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'LOCAL AND REGIONAL AUTHORITIES MUST BE A DRIVING FORCE IN IMPLEMENTING THE STRUCTURAL FUNDS AFTER 2006'

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In view of the need to reformulate economic and social cohesion policy in an enlarged Europe, the European Commissi...
In view of the need to reformulate economic and social cohesion policy in an enlarged Europe, the European Commission asked the Committee of the Regions to draw up an outlook report on governance and simplification of the structural funds after 2006, which it will take into account when preparing its report on economic and social cohesion for publication in December 2003.

While emphasising the importance of cohesion policy as a key instrument for achieving the principles of solidarity, cooperation and redistribution within the union, the outlook report notes that wide disparities continue to exist, not just between the member states, but also between regions and within member states.

Enlargement is likely to increase those imbalances.

It is therefore necessary to reform cohesion policy, while taking care not to discriminate against regions that still depend on union support, and without querying the budget earmarked for this policy (0.45% of Union GDP).

After talking to most of the presidents of the EU regions, as well as the political authorities responsible for administering the structural funds, the CoR would stress their wish for more coherence in relation to the structural funds, ie better coordination between the funds (EAGGF, ESF, ERDF and FIFG), and between the various community, national and regional programmes.

For example, regional and local authorities are in favour of integrating the structural funds to form one single fund, which would make it possible to merge the structural policies, which by their nature are horizontal. This would also make administration considerably easier.

The regions also deplore the fact that other community policies are applied without direct reference to cohesion policies. The rapporteurs, Raffaele Fitto (IT/EPP) and Jean-Claude Van Cauwenberghe (BE/PES), note that this leads to a loss of efficiency and synergies.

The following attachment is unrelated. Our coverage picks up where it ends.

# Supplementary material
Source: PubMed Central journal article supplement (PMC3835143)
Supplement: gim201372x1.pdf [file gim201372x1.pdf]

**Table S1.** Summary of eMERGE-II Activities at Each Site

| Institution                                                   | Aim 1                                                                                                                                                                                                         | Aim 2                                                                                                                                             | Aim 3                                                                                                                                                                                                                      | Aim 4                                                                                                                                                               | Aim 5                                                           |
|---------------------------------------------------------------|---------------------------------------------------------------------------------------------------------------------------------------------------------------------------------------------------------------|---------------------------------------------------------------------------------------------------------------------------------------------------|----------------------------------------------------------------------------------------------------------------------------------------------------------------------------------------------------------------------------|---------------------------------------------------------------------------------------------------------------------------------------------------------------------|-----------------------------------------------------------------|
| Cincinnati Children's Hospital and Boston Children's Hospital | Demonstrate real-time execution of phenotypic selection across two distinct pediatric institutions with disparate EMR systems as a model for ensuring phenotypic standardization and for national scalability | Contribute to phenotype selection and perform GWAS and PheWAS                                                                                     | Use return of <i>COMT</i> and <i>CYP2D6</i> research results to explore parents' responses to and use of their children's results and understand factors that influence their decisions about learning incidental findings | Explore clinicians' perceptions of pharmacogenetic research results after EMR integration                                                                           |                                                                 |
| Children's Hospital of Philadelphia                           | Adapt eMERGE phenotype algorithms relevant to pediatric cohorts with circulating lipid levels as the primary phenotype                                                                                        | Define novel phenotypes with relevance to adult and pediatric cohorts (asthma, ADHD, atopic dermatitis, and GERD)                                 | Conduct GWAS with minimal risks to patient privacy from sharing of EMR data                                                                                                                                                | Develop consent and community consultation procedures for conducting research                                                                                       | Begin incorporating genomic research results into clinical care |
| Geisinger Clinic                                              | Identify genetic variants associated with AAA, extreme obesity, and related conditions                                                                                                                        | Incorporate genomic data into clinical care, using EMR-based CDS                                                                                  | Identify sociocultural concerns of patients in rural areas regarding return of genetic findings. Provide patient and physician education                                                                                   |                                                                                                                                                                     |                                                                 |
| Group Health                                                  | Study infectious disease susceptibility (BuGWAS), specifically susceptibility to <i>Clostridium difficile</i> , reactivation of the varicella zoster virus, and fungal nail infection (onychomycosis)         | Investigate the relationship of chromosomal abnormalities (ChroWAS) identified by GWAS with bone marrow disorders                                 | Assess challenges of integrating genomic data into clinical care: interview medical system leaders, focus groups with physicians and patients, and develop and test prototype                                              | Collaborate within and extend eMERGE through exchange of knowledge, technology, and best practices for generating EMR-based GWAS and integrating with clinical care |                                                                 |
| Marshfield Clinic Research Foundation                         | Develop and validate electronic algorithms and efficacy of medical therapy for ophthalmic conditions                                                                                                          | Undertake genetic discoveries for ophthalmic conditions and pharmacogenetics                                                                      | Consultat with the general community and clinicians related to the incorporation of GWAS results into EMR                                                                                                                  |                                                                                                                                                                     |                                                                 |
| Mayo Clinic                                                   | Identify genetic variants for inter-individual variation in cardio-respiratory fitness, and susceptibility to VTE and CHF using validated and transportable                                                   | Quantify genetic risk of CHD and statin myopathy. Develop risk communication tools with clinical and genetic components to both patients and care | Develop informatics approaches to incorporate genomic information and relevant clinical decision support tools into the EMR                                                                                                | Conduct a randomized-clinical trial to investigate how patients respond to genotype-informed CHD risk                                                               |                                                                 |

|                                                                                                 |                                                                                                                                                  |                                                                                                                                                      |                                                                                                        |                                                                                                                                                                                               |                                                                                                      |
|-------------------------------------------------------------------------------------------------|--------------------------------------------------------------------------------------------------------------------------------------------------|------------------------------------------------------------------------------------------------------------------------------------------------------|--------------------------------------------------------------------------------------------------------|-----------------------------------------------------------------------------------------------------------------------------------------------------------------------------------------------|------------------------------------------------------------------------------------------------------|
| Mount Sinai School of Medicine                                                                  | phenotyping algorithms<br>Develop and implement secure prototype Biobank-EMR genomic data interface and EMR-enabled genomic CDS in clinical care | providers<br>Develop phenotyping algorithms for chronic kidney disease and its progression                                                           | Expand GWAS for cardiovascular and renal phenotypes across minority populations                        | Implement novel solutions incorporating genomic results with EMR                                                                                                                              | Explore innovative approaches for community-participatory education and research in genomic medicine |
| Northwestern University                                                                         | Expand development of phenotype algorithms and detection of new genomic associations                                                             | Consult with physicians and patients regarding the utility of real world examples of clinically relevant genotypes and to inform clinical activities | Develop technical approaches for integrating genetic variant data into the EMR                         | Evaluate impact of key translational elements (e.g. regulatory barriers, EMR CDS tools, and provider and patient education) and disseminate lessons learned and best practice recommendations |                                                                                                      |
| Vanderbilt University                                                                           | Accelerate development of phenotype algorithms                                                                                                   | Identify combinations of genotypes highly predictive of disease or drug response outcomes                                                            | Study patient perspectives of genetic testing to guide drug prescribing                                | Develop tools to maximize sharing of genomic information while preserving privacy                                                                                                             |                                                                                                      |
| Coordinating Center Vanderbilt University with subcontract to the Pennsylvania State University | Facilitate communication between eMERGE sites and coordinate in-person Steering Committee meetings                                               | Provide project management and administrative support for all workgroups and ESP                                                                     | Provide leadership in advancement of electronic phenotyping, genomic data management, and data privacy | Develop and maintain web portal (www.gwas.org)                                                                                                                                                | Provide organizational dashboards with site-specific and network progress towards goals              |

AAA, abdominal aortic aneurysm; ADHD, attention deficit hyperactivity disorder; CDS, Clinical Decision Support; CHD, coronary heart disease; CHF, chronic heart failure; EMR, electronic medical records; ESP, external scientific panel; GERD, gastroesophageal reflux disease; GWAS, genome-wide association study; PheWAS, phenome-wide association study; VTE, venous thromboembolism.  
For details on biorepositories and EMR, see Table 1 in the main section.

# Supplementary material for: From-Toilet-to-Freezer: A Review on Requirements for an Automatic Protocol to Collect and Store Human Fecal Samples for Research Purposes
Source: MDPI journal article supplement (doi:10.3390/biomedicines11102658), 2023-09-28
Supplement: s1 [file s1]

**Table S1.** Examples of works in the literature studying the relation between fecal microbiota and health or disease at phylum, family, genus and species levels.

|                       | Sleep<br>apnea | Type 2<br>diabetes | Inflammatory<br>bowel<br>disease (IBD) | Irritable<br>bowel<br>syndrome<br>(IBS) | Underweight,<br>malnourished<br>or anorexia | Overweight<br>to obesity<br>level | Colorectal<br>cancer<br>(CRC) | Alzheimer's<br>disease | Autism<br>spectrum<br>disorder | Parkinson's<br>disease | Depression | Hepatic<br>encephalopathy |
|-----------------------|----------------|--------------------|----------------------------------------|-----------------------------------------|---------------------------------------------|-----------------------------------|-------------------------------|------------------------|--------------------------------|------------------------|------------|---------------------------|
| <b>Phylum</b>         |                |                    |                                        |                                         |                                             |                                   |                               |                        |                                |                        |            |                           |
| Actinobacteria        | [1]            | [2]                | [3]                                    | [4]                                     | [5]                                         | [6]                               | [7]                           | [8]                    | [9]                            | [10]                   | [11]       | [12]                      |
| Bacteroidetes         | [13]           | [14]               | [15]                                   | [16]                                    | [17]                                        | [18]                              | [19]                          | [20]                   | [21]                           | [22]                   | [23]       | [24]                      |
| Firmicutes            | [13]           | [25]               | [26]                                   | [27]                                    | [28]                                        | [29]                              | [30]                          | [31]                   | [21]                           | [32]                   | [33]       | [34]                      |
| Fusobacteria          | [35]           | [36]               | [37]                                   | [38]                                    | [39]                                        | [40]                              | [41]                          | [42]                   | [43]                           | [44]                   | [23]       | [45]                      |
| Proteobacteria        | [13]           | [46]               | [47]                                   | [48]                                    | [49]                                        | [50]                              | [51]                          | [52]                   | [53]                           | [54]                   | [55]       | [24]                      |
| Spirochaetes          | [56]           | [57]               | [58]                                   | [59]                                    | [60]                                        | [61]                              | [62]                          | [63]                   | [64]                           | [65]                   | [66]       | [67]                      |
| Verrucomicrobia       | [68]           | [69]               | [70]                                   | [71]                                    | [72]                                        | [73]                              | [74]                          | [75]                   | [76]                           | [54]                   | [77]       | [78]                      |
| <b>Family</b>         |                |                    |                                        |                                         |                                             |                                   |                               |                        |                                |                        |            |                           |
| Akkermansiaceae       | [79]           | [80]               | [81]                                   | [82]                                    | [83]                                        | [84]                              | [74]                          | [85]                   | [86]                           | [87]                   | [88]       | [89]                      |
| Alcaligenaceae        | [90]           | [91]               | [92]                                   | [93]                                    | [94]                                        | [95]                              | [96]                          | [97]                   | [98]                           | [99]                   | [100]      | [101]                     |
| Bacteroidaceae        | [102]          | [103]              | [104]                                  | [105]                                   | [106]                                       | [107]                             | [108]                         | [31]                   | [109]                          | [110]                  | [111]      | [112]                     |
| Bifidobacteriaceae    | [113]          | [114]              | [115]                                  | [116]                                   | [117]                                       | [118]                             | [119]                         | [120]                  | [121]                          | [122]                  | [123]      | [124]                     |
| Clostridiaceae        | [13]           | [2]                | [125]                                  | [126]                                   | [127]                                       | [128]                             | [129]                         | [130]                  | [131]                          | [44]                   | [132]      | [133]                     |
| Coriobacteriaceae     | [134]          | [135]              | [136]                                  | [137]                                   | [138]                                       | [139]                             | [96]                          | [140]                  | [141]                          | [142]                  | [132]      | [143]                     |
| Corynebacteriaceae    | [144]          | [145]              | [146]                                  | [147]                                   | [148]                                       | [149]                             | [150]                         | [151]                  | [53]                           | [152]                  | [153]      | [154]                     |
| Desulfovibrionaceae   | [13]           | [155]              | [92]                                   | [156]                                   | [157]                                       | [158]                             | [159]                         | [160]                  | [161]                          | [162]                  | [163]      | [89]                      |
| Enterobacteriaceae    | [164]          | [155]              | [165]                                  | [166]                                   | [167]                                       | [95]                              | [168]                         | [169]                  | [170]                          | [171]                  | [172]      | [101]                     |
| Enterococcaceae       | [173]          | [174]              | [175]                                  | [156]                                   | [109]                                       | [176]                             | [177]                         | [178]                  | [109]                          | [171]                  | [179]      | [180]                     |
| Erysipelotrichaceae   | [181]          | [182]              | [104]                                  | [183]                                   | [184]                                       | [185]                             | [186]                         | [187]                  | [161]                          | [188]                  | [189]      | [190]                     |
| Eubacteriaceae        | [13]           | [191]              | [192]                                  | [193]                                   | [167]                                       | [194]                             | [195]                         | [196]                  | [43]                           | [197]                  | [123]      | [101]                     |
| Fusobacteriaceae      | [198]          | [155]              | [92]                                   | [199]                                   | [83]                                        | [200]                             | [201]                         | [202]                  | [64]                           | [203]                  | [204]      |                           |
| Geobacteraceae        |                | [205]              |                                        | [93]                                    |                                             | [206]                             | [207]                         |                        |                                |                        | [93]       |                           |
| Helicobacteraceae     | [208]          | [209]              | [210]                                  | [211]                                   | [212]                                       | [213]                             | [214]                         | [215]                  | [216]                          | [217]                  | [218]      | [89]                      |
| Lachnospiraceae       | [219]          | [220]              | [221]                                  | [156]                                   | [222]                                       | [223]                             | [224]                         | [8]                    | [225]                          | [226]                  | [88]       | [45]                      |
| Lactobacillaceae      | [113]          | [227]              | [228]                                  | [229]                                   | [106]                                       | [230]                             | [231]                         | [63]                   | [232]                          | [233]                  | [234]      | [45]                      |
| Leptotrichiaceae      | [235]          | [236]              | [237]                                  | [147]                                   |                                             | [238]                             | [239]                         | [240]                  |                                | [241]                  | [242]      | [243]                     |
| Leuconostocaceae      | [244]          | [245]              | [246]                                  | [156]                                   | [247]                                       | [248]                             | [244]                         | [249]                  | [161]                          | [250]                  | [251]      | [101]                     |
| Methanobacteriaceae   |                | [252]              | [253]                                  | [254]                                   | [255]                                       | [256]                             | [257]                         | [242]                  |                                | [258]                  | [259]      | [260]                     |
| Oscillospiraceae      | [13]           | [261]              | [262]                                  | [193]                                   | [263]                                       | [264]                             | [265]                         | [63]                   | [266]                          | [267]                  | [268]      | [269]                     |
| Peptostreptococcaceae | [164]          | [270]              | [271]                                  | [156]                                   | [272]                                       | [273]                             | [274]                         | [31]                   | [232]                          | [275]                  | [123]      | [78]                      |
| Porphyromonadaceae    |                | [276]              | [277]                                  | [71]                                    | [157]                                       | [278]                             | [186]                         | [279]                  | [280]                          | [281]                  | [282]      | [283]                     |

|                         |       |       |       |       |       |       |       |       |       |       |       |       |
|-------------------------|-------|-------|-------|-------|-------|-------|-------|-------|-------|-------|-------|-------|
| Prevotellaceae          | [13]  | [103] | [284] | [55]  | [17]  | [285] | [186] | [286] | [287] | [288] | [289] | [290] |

The regions also wish the subsidiarity and proportionality principles to be better applied in mana ging the structural funds, since these principles are still not adequately considered when decisions are taken about the programmes.

The CoR's members emphasise that since the programmes are intended to promote regional development, it makes sense for the committee to be regarded as a direct partner of the commission on the same basis as the member states.

The regions therefore urge that the principle of co-responsibility with the commission and the member states be established, which would give them a key role in defining priorities, implementing legislation, allocating resources and delegating management and administration tasks.

The CoR reaffirms access to development and cohesion policies not only for regional institutions but also for local institutions, which must be involved in management through a strong partnership.

Finally, the CoR proposes that a single legal framework be introduced for the financial management of the programmes. For example, a single regional fund to provide community financial assistance could be set up that would no longer pass via the budget of the member state.

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